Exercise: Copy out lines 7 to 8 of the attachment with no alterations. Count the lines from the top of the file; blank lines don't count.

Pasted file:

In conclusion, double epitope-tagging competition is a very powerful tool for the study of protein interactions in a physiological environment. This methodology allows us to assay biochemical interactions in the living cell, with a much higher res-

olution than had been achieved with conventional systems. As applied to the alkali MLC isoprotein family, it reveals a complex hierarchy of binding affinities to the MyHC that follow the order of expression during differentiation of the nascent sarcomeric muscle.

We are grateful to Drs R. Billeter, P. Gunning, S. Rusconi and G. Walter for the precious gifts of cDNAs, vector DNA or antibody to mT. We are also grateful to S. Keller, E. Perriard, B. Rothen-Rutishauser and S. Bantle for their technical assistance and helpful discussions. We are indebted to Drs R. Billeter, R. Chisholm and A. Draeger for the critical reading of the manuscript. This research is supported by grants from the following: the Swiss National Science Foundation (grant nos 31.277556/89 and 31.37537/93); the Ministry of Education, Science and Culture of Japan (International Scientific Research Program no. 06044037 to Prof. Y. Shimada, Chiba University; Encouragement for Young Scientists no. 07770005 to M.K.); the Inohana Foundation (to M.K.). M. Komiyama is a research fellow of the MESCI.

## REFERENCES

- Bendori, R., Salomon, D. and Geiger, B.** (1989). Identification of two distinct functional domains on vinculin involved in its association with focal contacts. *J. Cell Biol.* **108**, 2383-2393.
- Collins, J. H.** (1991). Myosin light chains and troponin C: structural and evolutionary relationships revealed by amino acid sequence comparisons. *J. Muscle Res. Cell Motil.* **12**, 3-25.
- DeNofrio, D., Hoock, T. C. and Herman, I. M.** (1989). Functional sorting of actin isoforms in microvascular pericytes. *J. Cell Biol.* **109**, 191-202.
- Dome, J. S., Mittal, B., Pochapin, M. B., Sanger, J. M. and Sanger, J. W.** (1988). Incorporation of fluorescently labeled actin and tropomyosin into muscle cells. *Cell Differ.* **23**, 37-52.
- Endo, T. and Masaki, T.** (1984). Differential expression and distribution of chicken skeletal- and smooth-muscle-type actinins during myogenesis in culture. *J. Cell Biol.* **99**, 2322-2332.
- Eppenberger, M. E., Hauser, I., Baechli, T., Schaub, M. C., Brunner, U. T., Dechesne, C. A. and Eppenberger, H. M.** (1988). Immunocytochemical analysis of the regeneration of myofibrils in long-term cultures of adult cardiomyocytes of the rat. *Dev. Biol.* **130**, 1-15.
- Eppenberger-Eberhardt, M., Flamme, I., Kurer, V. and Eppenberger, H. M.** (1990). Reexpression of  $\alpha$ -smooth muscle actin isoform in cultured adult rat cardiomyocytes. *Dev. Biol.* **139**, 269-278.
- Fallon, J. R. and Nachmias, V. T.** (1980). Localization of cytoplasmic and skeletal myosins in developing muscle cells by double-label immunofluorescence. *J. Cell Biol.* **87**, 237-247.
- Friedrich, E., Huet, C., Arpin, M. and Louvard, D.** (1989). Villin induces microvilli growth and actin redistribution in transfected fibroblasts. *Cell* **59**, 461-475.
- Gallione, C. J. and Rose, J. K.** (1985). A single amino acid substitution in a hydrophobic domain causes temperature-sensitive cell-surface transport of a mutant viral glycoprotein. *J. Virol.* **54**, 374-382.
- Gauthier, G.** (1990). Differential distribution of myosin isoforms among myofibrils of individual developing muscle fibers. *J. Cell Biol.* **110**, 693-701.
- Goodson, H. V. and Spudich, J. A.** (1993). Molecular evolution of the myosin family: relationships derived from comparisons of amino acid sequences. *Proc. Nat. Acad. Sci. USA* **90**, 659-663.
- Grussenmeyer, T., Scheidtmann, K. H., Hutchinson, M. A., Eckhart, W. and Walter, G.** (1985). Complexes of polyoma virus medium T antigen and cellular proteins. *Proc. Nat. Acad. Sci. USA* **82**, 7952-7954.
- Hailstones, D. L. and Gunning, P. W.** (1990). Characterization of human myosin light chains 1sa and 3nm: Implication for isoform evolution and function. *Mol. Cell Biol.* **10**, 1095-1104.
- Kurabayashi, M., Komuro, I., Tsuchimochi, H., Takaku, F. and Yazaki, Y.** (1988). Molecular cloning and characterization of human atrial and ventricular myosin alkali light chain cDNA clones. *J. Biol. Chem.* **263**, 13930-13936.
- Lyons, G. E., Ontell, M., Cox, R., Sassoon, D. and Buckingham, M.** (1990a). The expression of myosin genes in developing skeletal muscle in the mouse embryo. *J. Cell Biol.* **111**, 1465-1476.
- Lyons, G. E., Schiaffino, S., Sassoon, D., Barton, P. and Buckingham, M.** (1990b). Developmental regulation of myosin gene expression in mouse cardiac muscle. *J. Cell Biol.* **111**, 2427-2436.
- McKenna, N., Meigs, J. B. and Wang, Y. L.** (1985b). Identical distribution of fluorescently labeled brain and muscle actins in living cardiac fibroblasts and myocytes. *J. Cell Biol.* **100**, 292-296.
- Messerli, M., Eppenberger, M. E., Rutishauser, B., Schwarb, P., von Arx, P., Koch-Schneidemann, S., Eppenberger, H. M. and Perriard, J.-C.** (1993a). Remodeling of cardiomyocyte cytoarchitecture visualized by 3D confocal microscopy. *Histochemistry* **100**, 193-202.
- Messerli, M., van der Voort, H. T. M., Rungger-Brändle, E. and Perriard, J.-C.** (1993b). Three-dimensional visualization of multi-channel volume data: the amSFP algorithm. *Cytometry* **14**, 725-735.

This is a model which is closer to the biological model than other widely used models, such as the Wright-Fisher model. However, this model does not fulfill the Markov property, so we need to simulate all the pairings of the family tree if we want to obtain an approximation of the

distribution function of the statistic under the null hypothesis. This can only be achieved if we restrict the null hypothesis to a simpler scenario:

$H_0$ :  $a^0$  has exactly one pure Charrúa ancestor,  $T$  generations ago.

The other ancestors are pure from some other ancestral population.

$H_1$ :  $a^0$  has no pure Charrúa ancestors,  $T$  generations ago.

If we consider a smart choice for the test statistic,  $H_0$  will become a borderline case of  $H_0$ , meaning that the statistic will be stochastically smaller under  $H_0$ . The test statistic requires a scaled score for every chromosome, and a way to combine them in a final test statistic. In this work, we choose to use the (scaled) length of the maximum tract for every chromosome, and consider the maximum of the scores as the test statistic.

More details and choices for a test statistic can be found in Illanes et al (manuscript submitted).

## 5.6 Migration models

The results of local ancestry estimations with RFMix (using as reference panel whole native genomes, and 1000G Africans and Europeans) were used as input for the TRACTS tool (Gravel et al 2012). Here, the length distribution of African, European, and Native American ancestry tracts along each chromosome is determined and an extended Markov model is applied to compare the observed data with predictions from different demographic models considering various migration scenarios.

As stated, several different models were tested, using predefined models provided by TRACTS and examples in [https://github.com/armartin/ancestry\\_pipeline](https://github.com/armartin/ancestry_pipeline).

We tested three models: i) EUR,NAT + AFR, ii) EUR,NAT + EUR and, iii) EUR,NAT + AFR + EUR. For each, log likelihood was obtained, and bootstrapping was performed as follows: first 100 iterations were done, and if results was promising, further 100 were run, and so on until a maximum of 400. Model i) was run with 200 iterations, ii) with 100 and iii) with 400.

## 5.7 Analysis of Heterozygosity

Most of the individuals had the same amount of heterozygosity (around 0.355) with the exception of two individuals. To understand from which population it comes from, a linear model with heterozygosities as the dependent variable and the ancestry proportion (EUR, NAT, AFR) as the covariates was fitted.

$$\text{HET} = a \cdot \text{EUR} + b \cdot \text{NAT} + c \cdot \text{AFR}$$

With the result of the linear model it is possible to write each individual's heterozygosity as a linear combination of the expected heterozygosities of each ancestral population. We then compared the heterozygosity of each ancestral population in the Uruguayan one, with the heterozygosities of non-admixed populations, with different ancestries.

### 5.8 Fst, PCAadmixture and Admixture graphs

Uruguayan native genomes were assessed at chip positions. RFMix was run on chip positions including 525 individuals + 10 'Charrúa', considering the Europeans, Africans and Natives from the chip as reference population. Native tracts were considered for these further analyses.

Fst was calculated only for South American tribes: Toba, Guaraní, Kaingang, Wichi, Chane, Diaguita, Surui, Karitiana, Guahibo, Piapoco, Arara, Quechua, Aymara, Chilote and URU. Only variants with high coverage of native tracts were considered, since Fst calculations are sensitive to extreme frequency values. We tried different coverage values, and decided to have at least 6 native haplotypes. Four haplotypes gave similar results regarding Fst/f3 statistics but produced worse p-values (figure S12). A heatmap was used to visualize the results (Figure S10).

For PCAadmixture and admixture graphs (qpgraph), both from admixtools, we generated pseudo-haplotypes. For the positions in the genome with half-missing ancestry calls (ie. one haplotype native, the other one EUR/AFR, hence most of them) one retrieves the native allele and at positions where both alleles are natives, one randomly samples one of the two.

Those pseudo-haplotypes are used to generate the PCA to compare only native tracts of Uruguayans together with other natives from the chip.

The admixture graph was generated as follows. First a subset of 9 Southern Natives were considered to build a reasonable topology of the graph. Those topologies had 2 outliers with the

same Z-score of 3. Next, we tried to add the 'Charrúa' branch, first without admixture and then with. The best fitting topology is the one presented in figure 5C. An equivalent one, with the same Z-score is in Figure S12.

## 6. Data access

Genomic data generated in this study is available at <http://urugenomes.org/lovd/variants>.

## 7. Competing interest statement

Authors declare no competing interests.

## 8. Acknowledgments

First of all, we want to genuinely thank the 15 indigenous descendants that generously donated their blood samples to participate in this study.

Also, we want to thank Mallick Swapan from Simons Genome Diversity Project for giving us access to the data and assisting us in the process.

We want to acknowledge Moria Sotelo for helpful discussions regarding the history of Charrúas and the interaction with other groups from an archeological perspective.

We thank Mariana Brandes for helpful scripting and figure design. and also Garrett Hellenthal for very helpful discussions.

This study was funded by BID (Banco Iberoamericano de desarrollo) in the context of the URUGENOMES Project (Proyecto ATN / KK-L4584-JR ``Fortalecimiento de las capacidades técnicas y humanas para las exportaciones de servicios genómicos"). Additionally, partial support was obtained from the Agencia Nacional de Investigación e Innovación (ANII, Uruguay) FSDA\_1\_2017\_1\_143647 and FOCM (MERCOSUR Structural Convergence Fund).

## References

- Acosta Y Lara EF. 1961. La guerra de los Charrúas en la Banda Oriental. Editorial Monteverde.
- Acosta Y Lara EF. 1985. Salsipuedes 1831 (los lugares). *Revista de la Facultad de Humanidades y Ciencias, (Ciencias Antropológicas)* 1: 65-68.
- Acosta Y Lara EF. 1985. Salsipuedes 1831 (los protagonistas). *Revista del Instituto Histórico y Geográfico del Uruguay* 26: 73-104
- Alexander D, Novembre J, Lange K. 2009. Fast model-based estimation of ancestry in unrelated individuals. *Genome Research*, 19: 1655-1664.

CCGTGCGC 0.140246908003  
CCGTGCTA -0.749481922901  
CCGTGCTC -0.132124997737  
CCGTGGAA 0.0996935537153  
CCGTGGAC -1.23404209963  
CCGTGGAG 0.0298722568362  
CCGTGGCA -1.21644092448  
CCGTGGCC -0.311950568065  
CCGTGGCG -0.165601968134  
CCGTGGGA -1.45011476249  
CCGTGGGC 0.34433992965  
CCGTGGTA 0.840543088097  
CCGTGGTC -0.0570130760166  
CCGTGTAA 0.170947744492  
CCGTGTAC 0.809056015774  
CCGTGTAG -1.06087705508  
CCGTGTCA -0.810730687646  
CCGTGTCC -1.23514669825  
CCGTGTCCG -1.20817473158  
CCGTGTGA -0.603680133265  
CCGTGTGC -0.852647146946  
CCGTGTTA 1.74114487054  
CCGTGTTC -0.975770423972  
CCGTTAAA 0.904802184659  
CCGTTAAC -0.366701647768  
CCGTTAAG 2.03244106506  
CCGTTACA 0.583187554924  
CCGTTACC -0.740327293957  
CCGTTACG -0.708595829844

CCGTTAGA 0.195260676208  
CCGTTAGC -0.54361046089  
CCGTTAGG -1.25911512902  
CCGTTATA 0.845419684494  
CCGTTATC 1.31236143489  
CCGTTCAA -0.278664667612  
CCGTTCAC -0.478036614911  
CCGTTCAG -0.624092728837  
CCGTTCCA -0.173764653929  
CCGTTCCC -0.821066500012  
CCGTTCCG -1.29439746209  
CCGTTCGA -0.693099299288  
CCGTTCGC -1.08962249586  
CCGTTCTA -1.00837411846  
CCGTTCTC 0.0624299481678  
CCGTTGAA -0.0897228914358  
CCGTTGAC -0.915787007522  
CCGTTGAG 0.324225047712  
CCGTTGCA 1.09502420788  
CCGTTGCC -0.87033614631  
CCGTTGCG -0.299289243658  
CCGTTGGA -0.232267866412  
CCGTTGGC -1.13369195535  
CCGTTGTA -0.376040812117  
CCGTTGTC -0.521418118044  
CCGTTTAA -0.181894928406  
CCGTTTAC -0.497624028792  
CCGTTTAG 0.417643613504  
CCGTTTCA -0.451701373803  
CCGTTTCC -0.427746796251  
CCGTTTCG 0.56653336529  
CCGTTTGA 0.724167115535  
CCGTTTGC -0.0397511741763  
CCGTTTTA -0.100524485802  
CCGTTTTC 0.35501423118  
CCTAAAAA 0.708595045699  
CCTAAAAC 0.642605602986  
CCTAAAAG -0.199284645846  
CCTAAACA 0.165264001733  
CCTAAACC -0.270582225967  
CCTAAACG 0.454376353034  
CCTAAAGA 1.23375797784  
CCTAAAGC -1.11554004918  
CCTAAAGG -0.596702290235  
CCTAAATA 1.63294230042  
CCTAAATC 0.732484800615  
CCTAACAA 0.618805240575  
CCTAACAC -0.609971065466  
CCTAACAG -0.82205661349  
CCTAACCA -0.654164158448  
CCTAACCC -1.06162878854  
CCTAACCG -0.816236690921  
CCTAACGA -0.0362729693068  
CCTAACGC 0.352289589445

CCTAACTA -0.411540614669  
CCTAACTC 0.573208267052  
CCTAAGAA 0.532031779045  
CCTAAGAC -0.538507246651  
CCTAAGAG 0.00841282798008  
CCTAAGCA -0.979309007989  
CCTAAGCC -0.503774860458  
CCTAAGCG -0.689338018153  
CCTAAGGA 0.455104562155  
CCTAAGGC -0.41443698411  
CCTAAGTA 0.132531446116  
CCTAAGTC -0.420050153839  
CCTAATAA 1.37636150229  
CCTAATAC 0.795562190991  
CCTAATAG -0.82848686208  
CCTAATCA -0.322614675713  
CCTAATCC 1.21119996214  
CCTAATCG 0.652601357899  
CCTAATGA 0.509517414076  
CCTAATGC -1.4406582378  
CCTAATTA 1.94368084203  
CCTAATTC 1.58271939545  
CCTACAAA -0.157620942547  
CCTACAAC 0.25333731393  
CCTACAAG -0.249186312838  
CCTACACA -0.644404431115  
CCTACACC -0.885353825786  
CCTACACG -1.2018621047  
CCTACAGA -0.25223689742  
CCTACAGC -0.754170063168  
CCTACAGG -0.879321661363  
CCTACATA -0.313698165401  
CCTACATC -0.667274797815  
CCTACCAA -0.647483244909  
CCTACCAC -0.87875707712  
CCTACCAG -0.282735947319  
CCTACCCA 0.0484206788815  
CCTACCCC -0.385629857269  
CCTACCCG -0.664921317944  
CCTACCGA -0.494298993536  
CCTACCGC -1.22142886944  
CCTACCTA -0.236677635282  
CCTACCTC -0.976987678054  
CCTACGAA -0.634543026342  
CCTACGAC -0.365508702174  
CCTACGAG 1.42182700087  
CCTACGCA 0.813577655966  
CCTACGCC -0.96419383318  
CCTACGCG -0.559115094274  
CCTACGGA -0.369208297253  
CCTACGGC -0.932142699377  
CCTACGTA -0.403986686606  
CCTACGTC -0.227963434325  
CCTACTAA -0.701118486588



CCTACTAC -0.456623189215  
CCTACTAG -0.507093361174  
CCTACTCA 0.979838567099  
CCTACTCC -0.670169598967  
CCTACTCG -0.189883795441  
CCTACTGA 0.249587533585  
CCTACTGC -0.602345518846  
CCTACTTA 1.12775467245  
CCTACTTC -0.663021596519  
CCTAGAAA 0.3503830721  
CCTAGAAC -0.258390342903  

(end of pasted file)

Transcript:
- DeNofrio, D., Hoock, T. C. and Herman, I. M.** (1989). Functional sorting of actin isoforms in microvascular pericytes. *J. Cell Biol.* **109**, 191-202.
- Dome, J. S., Mittal, B., Pochapin, M. B., Sanger, J. M. and Sanger, J. W.** (1988). Incorporation of fluorescently labeled actin and tropomyosin into muscle cells. *Cell Differ.* **23**, 37-52.